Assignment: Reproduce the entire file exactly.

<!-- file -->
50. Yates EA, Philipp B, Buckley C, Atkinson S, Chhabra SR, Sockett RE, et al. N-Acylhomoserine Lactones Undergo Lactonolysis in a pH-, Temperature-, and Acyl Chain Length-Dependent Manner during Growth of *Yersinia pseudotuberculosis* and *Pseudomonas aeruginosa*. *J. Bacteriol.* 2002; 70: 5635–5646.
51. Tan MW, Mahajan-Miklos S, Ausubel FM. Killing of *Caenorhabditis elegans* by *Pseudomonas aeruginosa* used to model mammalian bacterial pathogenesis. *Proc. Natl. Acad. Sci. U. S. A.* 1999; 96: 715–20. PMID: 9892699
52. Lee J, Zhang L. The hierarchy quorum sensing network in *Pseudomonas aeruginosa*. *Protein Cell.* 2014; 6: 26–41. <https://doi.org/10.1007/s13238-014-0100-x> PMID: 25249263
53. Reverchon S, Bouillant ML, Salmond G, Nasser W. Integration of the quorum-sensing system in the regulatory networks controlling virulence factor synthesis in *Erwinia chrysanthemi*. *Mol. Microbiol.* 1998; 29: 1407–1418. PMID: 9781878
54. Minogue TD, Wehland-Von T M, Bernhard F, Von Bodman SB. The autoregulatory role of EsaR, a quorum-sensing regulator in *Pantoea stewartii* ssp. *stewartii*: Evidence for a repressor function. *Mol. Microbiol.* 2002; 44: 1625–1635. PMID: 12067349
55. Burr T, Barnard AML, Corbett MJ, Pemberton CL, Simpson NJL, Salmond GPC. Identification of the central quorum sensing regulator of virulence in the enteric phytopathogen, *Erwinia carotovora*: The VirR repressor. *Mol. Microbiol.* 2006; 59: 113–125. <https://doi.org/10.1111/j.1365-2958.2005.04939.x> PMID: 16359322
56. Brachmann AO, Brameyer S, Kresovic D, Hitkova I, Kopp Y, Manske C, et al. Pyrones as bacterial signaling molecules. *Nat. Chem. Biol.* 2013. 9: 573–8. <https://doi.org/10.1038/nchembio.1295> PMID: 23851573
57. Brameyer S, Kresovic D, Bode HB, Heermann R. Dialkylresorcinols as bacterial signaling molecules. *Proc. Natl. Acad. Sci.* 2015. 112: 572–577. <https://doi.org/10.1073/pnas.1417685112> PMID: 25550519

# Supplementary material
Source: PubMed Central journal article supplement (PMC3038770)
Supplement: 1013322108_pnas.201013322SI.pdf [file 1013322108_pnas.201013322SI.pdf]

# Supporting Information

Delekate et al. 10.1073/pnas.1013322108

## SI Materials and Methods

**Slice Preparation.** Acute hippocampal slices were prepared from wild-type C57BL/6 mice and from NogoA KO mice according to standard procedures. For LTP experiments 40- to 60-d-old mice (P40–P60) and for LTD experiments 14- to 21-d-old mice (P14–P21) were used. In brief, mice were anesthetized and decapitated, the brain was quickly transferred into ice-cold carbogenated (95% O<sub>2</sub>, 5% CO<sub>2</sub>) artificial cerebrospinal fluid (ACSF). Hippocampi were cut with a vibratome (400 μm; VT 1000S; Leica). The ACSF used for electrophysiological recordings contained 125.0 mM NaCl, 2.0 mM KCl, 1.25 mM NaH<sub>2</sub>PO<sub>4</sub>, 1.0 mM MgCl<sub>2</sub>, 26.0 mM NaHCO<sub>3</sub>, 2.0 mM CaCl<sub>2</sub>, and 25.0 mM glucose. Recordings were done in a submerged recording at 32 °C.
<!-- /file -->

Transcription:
50. Yates EA, Philipp B, Buckley C, Atkinson S, Chhabra SR, Sockett RE, et al. N-Acylhomoserine Lactones Undergo Lactonolysis in a pH-, Temperature-, and Acyl Chain Length-Dependent Manner during Growth of *Yersinia pseudotuberculosis* and *Pseudomonas aeruginosa*. *J. Bacteriol.* 2002; 70: 5635–5646.
51. Tan MW, Mahajan-Miklos S, Ausubel FM. Killing of *Caenorhabditis elegans* by *Pseudomonas aeruginosa* used to model mammalian bacterial pathogenesis. *Proc. Natl. Acad. Sci. U. S. A.* 1999; 96: 715–20. PMID: 9892699
52. Lee J, Zhang L. The hierarchy quorum sensing network in *Pseudomonas aeruginosa*. *Protein Cell.* 2014; 6: 26–41. <https://doi.org/10.1007/s13238-014-0100-x> PMID: 25249263
53. Reverchon S, Bouillant ML, Salmond G, Nasser W. Integration of the quorum-sensing system in the regulatory networks controlling virulence factor synthesis in *Erwinia chrysanthemi*. *Mol. Microbiol.* 1998; 29: 1407–1418. PMID: 9781878
54. Minogue TD, Wehland-Von T M, Bernhard F, Von Bodman SB. The autoregulatory role of EsaR, a quorum-sensing regulator in *Pantoea stewartii* ssp. *stewartii*: Evidence for a repressor function. *Mol. Microbiol.* 2002; 44: 1625–1635. PMID: 12067349
55. Burr T, Barnard AML, Corbett MJ, Pemberton CL, Simpson NJL, Salmond GPC. Identification of the central quorum sensing regulator of virulence in the enteric phytopathogen, *Erwinia carotovora*: The VirR repressor. *Mol. Microbiol.* 2006; 59: 113–125. <https://doi.org/10.1111/j.1365-2958.2005.04939.x> PMID: 16359322
56. Brachmann AO, Brameyer S, Kresovic D, Hitkova I, Kopp Y, Manske C, et al. Pyrones as bacterial signaling molecules. *Nat. Chem. Biol.* 2013. 9: 573–8. <https://doi.org/10.1038/nchembio.1295> PMID: 23851573
57. Brameyer S, Kresovic D, Bode HB, Heermann R. Dialkylresorcinols as bacterial signaling molecules. *Proc. Natl. Acad. Sci.* 2015. 112: 572–577. <https://doi.org/10.1073/pnas.1417685112> PMID: 25550519

# Supplementary material
Source: PubMed Central journal article supplement (PMC3038770)
Supplement: 1013322108_pnas.201013322SI.pdf [file 1013322108_pnas.201013322SI.pdf]

# Supporting Information

Delekate et al. 10.1073/pnas.1013322108

## SI Materials and Methods

**Slice Preparation.** Acute hippocampal slices were prepared from wild-type C57BL/6 mice and from NogoA KO mice according to standard procedures. For LTP experiments 40- to 60-d-old mice (P40–P60) and for LTD experiments 14- to 21-d-old mice (P14–P21) were used. In brief, mice were anesthetized and decapitated, the brain was quickly transferred into ice-cold carbogenated (95% O<sub>2</sub>, 5% CO<sub>2</sub>) artificial cerebrospinal fluid (ACSF). Hippocampi were cut with a vibratome (400 μm; VT 1000S; Leica). The ACSF used for electrophysiological recordings contained 125.0 mM NaCl, 2.0 mM KCl, 1.25 mM NaH<sub>2</sub>PO<sub>4</sub>, 1.0 mM MgCl<sub>2</sub>, 26.0 mM NaHCO<sub>3</sub>, 2.0 mM CaCl<sub>2</sub>, and 25.0 mM glucose. Recordings were done in a submerged recording at 32 °C.